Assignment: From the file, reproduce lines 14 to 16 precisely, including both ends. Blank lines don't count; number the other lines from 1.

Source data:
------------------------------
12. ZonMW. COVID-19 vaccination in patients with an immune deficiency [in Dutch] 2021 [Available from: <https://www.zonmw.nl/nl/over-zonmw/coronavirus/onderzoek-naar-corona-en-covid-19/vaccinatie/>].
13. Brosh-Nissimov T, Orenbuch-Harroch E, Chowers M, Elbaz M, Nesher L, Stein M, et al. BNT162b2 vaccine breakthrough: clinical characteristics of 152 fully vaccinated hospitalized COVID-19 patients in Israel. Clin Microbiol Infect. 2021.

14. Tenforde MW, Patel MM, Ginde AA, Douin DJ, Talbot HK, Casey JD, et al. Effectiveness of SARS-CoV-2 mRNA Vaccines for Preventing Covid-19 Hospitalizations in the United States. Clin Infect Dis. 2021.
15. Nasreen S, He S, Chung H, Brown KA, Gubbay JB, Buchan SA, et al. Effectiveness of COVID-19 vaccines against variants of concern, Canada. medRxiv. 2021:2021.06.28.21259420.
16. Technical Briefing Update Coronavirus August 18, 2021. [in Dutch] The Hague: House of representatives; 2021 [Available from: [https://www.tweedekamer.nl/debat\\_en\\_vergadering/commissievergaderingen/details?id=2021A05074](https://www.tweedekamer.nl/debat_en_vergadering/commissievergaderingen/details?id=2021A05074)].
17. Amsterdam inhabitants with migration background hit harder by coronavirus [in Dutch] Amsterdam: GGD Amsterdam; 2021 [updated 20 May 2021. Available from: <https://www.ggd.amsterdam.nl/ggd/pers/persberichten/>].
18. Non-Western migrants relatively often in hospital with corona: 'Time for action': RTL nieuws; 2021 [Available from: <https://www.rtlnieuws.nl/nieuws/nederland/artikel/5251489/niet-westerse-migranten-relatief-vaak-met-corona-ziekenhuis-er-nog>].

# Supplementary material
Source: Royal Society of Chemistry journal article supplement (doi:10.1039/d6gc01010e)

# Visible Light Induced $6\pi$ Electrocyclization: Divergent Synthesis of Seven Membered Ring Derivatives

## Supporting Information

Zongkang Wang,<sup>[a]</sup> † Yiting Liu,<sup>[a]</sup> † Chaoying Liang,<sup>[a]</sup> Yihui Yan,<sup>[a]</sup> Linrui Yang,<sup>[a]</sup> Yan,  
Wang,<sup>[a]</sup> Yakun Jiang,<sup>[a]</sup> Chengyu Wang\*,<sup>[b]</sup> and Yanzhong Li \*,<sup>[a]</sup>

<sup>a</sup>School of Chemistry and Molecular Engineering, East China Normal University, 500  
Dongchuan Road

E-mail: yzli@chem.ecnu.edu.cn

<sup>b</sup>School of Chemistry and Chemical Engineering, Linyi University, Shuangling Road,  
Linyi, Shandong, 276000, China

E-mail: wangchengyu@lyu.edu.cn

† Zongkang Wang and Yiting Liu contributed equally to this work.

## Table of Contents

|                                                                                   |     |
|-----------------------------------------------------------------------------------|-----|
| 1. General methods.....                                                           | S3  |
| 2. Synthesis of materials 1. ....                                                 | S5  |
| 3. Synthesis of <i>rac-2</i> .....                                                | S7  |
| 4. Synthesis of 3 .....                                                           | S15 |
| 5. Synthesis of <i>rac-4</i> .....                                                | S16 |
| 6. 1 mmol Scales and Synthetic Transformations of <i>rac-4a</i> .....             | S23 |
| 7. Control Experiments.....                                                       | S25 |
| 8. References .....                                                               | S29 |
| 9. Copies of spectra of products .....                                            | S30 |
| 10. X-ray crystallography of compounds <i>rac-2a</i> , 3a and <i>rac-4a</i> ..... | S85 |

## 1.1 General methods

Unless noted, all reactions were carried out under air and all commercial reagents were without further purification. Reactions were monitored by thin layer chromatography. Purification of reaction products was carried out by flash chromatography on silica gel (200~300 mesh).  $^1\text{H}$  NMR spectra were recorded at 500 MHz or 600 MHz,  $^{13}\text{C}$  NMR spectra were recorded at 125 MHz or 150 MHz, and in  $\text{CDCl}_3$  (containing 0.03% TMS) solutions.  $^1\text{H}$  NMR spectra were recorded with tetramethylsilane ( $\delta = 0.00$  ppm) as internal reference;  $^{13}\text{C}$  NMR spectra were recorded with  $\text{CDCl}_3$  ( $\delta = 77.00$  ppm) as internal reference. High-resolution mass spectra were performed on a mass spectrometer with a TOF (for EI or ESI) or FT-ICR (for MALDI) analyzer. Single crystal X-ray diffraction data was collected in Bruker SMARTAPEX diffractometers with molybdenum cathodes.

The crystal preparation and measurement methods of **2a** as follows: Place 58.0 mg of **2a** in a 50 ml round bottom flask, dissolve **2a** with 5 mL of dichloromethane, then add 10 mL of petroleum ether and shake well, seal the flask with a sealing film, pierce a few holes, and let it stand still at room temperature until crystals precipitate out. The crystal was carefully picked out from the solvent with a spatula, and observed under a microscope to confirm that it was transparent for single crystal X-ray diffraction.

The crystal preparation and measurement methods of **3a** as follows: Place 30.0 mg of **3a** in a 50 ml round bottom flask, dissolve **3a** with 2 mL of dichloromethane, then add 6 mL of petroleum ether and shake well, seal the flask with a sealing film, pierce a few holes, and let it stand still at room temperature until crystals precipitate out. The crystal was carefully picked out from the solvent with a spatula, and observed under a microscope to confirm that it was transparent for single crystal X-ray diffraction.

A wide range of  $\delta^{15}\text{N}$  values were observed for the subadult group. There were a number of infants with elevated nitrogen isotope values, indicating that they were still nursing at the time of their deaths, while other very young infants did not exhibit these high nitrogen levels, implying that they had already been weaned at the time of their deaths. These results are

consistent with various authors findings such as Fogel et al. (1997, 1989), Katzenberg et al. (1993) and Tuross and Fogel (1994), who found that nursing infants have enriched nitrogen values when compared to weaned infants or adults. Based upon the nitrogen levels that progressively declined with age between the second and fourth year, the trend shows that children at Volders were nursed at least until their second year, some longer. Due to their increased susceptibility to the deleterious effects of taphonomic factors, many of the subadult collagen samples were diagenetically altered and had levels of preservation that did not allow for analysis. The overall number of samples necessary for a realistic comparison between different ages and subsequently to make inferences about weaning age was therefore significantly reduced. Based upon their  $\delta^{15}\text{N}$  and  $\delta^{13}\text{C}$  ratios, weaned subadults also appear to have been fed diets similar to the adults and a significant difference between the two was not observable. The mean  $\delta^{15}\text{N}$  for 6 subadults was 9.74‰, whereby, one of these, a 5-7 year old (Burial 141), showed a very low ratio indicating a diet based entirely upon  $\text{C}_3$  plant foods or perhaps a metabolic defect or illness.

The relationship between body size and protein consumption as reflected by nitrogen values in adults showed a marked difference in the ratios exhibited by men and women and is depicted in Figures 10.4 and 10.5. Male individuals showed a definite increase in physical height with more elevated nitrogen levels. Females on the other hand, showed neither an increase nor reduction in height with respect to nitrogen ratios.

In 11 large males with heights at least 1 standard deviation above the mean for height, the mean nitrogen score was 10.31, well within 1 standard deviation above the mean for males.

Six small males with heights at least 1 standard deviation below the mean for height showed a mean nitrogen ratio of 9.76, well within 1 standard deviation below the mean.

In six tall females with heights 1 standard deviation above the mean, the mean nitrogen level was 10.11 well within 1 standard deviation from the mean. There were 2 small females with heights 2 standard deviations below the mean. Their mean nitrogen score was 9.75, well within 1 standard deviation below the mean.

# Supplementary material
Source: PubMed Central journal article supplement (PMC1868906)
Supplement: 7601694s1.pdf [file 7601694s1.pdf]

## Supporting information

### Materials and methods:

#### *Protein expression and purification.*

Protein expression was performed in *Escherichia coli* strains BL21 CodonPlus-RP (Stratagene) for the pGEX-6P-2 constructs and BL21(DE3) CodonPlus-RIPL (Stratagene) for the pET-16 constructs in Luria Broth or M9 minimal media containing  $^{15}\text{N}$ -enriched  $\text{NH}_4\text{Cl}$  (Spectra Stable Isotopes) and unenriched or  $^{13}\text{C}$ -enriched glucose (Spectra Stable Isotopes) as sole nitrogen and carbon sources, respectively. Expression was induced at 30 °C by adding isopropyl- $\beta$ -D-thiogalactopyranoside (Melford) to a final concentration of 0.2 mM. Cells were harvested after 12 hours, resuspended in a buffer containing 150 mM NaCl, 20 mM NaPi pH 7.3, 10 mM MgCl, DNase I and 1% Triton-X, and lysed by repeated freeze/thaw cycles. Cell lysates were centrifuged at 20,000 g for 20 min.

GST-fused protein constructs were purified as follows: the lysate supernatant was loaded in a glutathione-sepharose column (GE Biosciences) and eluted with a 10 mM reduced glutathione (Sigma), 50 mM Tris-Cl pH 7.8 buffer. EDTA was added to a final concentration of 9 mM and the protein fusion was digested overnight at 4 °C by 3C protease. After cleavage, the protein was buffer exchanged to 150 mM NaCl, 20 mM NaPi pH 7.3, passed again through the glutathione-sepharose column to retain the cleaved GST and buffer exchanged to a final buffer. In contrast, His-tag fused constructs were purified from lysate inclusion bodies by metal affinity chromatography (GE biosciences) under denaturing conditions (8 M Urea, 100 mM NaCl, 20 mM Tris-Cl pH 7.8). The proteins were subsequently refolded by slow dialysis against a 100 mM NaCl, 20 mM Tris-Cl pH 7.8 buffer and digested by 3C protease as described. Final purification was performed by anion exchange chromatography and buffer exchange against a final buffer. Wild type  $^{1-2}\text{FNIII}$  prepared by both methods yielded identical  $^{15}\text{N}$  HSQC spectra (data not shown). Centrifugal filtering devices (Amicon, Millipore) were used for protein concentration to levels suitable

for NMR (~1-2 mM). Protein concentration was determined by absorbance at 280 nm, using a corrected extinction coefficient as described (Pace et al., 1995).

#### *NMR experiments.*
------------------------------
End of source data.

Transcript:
<sup>a</sup>School of Chemistry and Molecular Engineering, East China Normal University, 500  
Dongchuan Road

E-mail: yzli@chem.ecnu.edu.cn